Rather than being guided by the Ricktatorship, every community has its own needs, its own wants, and its own motivations. No one’s forcing the Saviors to integrate, or trying to save Sanctuary as the community fails due to a lack of farmland. If the Oceanside community is still hunting down Saviors at this point, no one’s going to stop them so long as they stay away from the few Saviors that have been rehabilitated by Hilltop or Alexandria. If Michonne wants to not go to the fair, no one’s around to make her cooperate with the Kingdom’s urge to have a community fair. If Maggie wants to run off with the traveling circus and abandon her community to the leadership of others, there’s no guiding hand to rein her back in.

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There’s an unpredictability to The Walking Dead now. There are impressive new villains in the form of The Whisperers, who made a splashy introduction in episode 8. The surviving characters are in deep trouble, trapped in one of the creepiest set pieces the show’s done in years. The enemies can blend in with the zombie hordes that shadow characters wherever they go. Neglected characters like Daryl, Carol, and Michonne can take more active leadership roles, while allowing underdeveloped characters like Ben and Aaron to take up important plot positions.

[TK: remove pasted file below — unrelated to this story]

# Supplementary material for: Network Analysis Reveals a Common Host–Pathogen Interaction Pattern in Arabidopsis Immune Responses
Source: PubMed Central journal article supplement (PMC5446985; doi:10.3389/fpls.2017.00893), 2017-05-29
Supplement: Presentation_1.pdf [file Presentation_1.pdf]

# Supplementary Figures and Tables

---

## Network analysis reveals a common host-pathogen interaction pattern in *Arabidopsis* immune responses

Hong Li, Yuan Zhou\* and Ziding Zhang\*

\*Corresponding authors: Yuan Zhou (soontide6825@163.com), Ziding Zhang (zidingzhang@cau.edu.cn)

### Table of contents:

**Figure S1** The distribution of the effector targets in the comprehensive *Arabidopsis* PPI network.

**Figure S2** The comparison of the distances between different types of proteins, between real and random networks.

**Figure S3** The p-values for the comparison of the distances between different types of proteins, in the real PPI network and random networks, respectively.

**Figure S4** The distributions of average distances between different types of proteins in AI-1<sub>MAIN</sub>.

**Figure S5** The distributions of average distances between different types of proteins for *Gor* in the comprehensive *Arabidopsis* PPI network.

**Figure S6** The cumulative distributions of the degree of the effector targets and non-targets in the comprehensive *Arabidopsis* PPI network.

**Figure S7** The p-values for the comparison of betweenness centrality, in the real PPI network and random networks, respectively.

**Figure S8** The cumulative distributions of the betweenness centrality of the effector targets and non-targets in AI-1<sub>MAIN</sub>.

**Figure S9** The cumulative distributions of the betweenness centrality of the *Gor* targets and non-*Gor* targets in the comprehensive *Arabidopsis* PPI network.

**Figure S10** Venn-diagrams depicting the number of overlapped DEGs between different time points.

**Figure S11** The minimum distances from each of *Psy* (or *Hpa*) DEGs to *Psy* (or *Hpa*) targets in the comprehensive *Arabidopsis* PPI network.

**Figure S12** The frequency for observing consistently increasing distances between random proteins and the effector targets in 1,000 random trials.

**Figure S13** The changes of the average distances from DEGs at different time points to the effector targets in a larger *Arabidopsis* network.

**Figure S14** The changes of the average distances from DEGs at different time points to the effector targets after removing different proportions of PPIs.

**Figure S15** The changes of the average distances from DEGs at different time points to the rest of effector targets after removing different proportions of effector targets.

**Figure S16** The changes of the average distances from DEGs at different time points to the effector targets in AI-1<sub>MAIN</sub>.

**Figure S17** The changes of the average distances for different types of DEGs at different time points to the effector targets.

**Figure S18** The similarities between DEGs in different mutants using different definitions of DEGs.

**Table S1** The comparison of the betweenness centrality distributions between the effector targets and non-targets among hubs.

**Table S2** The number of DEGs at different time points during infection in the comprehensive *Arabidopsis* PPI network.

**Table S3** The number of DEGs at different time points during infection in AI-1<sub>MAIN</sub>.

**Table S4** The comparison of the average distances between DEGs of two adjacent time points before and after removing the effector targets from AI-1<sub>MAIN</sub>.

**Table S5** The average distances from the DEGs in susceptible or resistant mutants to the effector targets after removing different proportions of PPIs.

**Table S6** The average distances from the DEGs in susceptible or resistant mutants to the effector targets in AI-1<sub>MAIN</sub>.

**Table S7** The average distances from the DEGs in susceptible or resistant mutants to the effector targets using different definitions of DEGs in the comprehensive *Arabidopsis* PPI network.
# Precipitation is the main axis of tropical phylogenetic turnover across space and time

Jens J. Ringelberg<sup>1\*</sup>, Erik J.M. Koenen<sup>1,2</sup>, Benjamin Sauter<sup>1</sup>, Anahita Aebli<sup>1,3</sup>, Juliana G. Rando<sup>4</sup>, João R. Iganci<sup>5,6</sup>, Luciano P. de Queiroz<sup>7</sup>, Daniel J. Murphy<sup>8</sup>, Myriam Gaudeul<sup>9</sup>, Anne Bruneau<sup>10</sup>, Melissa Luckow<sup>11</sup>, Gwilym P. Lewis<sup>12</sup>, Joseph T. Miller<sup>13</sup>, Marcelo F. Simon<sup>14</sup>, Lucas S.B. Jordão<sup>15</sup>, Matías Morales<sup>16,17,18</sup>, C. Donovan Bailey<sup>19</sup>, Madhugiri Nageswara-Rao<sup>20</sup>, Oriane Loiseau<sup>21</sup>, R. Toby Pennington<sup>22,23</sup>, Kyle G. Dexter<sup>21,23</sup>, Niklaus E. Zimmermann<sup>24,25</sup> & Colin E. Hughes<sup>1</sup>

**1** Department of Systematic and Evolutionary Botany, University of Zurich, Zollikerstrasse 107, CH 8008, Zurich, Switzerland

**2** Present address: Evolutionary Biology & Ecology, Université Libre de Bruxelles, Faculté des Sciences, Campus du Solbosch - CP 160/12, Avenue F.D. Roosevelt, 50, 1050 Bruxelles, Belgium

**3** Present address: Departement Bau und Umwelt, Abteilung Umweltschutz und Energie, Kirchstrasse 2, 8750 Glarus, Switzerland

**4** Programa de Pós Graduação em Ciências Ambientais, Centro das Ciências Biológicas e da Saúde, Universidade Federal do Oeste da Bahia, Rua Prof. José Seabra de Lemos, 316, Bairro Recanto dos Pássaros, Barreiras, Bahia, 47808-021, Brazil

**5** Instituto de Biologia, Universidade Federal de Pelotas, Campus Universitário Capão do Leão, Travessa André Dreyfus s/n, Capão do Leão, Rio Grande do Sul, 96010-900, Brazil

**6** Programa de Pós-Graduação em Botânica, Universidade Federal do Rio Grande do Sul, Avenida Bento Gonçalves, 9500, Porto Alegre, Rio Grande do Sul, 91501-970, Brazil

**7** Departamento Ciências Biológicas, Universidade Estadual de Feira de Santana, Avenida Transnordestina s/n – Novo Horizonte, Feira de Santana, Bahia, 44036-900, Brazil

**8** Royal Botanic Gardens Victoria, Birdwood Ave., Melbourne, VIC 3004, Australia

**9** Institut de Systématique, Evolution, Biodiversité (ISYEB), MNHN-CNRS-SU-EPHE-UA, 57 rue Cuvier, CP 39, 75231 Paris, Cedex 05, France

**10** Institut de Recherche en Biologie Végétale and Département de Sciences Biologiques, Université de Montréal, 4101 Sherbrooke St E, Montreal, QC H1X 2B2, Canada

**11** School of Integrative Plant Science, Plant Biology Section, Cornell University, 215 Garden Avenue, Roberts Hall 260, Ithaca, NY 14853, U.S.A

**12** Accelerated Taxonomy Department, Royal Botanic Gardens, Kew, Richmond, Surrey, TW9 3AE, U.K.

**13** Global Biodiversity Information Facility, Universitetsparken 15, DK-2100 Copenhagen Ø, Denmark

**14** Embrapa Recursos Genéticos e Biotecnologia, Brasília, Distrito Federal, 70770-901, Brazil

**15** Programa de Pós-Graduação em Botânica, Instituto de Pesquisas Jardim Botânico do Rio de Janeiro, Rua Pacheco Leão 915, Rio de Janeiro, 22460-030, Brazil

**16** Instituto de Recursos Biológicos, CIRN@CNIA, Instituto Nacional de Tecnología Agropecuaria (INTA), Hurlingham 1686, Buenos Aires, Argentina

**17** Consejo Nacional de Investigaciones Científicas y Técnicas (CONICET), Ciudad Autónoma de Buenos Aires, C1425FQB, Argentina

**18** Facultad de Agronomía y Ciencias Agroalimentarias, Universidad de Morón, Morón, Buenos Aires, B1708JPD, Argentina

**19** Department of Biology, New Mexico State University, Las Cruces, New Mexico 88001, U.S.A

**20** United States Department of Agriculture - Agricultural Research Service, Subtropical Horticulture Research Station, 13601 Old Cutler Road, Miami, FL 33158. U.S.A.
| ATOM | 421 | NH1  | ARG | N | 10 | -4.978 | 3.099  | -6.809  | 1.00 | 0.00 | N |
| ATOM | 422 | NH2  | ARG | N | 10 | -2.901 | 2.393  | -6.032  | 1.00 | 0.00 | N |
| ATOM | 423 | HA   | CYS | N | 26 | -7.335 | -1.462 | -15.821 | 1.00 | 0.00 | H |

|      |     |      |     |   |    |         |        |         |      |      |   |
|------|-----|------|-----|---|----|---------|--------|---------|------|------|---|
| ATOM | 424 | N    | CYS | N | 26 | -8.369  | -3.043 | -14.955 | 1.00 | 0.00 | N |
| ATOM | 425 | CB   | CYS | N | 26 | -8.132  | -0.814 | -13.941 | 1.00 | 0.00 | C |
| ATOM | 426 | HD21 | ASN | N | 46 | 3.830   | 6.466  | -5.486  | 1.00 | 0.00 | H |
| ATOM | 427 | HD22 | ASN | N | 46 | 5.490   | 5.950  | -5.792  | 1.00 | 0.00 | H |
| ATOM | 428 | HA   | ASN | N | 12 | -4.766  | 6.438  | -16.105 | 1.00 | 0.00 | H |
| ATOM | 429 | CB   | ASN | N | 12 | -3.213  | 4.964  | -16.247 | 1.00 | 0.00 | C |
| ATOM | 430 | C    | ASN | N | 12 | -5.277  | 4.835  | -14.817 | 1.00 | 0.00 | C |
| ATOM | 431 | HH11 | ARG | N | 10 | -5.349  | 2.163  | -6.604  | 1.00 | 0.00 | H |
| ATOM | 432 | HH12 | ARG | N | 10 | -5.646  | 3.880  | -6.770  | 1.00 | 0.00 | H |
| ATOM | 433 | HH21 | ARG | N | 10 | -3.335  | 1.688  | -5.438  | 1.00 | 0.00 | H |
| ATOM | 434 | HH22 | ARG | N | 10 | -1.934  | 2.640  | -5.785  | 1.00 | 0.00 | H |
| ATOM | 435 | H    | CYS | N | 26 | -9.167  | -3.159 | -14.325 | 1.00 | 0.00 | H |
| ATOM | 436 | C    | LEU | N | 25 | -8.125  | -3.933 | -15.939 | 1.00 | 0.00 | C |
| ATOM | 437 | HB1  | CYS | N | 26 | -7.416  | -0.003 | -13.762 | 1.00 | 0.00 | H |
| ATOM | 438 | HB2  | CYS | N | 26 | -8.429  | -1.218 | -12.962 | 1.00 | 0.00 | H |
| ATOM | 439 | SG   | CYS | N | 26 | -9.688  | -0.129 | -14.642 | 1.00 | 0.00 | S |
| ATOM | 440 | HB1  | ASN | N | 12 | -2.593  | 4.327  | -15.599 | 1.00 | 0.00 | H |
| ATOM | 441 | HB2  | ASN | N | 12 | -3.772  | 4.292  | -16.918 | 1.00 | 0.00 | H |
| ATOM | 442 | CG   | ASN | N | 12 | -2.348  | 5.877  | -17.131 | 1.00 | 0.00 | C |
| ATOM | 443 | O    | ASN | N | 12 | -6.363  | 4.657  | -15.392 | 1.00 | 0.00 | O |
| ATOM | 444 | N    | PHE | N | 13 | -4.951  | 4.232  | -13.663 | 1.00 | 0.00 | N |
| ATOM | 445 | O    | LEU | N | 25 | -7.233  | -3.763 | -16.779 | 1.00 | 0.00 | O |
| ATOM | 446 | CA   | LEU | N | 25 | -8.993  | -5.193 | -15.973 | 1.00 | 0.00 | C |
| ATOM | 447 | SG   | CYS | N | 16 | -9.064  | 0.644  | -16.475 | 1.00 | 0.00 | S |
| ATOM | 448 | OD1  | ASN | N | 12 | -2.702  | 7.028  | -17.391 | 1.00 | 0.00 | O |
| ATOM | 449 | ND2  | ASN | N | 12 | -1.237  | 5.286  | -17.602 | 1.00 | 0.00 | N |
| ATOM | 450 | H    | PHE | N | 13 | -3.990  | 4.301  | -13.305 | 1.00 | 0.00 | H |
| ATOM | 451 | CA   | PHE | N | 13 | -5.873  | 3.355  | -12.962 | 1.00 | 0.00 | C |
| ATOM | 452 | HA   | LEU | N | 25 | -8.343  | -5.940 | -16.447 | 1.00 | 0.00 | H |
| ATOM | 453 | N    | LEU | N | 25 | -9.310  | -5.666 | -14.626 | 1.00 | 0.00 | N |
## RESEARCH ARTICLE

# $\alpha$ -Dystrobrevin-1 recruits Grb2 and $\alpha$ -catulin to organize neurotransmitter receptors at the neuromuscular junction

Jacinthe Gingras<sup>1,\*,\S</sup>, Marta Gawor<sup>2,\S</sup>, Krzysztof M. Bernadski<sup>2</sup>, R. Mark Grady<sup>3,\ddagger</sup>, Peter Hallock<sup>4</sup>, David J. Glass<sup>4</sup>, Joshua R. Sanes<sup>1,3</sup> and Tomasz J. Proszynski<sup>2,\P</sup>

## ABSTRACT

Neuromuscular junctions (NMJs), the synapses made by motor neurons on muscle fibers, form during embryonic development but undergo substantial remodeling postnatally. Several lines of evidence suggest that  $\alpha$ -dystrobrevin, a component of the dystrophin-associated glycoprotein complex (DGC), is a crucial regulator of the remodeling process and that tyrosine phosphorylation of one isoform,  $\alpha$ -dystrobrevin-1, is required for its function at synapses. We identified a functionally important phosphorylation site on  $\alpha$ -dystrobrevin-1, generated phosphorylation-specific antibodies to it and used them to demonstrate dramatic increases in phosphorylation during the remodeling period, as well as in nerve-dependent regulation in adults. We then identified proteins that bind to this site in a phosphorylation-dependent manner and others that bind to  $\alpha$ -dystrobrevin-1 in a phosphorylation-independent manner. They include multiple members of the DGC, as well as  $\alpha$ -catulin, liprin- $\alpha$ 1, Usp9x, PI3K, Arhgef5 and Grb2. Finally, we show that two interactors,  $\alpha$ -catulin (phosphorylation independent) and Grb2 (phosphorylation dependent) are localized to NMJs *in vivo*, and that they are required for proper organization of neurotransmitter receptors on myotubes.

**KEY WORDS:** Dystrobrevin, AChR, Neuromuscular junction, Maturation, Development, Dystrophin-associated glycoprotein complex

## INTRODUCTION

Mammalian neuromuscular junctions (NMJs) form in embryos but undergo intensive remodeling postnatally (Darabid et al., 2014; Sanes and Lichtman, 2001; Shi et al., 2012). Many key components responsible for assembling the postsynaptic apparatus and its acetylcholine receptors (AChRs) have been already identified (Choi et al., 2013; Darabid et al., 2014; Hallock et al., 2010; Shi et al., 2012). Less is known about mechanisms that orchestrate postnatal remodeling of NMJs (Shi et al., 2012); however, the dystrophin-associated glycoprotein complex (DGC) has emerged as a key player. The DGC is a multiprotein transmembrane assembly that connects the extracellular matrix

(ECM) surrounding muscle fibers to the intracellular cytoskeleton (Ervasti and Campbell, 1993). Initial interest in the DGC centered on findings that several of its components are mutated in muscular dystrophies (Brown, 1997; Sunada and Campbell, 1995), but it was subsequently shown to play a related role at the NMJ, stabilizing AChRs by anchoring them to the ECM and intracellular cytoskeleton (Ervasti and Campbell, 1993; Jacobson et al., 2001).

The Walking Dead isn’t a new show, but perhaps it is a show in the first stages of rebirth. Season nine has featured a significant changing of the guard in behind the camera, and a passing of the torch in front of the camera. The show’s commitment to visual storytelling remains, and the script quality has shown significant improvement. It’s a new start, without scrapping the entire show and starting over. That doesn’t typically go over well, even when it’s needed.

The Walking Dead has refreshed, without losing what brought about the initial attraction to the show. It’s about civilization versus anarchy, the living versus the dead, working together to survive rather than squabbling over the dwindling remains of the old world. Rather than mourning over what’s been taken away from the show, Angela Kang and company are pulling a Hilltop and building on what works and improving on what hasn’t.

There is still awesome zombie killing action, but at the moment, The Walking Dead seems more like Game Of Thrones with non-frozen undead, a political drama punctuated by graphic violence and supernatural monsters. There’s as much politics as there is bloodshed, and if that sounds like an interesting twist to the known Walking Dead universe, then consider trying The Walking Dead on for size once more. Like a well-sewn zombie skin suit, it might just fit.

The Walking Dead season 9b arrives on Feb. 10.